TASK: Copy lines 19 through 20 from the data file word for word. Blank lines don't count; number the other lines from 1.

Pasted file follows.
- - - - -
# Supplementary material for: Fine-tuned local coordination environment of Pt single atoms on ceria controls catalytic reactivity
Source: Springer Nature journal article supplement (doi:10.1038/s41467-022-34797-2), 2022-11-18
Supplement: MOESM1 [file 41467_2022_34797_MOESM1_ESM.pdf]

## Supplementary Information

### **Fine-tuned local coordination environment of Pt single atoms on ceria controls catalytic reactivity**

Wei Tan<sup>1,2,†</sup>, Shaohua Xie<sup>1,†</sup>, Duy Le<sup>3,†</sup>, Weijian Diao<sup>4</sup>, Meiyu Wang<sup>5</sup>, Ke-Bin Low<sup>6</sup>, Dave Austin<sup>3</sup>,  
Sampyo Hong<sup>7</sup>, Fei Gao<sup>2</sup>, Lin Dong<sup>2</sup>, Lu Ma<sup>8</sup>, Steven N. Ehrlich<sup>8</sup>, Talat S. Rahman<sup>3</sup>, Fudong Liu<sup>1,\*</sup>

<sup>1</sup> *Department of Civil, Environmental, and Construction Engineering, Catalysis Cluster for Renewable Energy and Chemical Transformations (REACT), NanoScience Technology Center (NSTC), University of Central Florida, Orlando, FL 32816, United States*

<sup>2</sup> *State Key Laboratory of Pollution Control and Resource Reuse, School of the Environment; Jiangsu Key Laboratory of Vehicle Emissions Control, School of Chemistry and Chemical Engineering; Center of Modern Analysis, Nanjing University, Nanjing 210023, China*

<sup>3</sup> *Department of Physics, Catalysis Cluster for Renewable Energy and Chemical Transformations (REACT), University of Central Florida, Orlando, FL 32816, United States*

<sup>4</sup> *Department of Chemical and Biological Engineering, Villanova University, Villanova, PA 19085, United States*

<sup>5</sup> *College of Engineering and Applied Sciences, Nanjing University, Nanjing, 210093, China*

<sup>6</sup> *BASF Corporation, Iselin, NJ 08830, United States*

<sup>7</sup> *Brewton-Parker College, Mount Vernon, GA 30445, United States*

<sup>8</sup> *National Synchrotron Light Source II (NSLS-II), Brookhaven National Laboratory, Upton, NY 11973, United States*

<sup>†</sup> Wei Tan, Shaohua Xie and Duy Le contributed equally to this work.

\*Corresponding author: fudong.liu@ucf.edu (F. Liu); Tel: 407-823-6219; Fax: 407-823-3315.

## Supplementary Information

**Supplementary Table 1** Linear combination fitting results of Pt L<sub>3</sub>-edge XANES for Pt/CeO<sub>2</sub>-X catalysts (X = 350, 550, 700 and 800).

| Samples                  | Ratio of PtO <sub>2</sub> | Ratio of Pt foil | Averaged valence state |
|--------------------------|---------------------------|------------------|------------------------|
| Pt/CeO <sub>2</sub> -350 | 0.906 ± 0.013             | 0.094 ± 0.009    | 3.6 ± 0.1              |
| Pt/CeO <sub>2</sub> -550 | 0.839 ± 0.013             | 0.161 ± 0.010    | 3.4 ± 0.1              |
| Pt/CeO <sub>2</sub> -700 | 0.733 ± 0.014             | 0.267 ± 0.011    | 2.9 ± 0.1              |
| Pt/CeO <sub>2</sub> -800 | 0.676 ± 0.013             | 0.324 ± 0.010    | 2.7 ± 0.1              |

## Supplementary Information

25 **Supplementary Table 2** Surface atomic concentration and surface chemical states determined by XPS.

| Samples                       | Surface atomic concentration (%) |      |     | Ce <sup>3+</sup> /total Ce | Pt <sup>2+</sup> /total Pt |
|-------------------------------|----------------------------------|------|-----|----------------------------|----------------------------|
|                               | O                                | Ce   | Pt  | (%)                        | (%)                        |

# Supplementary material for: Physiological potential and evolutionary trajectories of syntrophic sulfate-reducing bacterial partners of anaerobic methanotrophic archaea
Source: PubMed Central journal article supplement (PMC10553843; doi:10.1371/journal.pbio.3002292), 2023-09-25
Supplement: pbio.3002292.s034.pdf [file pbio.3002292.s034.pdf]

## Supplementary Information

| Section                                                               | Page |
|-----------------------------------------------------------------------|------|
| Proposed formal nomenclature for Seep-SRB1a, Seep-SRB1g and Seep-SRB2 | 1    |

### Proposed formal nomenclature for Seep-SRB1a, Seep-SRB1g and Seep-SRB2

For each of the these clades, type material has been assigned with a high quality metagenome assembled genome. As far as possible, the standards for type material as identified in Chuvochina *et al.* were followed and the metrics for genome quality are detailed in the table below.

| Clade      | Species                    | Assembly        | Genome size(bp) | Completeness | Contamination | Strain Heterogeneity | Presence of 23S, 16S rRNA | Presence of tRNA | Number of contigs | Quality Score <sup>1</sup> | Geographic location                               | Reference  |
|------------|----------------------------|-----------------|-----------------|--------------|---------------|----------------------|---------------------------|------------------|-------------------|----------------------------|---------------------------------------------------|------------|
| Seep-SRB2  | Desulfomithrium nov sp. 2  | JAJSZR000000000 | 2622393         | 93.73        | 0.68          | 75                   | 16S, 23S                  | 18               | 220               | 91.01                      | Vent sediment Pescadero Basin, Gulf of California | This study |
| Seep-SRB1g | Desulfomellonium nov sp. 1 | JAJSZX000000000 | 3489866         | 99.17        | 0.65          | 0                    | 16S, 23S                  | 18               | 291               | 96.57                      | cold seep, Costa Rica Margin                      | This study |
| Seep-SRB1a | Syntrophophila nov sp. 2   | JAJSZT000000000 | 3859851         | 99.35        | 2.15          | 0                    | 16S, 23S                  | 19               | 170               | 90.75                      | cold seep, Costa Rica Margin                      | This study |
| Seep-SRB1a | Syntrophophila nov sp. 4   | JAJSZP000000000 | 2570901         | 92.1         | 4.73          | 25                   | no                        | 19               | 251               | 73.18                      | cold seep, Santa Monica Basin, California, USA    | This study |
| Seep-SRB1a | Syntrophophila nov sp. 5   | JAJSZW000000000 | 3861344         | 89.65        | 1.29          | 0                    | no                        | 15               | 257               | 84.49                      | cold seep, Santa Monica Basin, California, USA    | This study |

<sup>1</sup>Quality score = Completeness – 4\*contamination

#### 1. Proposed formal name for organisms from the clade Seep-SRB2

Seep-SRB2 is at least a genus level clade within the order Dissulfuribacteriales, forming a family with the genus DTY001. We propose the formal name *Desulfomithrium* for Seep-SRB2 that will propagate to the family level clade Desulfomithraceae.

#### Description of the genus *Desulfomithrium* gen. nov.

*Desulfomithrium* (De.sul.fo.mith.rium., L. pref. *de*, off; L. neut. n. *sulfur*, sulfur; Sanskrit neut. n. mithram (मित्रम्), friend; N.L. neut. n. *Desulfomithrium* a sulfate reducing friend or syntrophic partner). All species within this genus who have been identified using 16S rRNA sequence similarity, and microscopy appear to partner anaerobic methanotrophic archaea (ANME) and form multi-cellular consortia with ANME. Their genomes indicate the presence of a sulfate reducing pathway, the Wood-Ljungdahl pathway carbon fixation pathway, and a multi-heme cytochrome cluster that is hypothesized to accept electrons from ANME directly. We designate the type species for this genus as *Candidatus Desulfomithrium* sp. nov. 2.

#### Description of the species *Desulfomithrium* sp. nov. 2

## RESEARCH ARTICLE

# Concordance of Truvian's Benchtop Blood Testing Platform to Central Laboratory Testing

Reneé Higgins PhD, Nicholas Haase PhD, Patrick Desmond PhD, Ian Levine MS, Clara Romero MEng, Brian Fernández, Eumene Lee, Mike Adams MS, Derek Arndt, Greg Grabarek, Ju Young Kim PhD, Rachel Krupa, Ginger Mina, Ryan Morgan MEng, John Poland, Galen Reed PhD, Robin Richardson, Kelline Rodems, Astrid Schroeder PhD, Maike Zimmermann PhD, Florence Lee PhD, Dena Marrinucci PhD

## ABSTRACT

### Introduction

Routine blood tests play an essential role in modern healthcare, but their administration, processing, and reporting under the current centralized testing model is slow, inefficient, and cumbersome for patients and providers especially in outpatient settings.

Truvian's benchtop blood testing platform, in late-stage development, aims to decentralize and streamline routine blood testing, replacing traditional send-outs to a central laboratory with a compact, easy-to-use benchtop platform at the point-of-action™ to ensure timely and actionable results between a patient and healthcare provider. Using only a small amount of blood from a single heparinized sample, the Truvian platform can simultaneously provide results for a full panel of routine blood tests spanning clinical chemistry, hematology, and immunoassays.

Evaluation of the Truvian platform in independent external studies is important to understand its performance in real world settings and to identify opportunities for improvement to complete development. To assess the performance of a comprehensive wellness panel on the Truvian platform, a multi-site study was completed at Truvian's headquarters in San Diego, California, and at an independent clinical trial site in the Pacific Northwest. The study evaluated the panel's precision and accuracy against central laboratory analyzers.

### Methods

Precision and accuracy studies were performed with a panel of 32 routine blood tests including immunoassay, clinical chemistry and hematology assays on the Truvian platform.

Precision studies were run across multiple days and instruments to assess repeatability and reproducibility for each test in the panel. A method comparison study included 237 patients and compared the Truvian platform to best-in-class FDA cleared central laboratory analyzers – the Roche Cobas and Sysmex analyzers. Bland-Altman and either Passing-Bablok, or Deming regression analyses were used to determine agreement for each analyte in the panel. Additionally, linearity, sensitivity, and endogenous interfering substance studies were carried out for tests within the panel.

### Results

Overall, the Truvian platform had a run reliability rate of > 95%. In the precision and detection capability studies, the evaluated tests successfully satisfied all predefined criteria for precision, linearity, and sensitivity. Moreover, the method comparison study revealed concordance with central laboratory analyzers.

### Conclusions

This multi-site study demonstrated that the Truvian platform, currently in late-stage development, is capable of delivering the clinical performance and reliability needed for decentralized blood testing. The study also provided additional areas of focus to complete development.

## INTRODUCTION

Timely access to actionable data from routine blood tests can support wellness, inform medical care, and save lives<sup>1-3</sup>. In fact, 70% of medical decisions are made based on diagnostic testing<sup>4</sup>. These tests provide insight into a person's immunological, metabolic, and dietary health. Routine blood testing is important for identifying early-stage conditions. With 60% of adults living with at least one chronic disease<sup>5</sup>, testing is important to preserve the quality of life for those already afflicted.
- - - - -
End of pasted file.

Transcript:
**Supplementary Table 1** Linear combination fitting results of Pt L<sub>3</sub>-edge XANES for Pt/CeO<sub>2</sub>-X catalysts (X = 350, 550, 700 and 800).

| Samples                  | Ratio of PtO <sub>2</sub> | Ratio of Pt foil | Averaged valence state |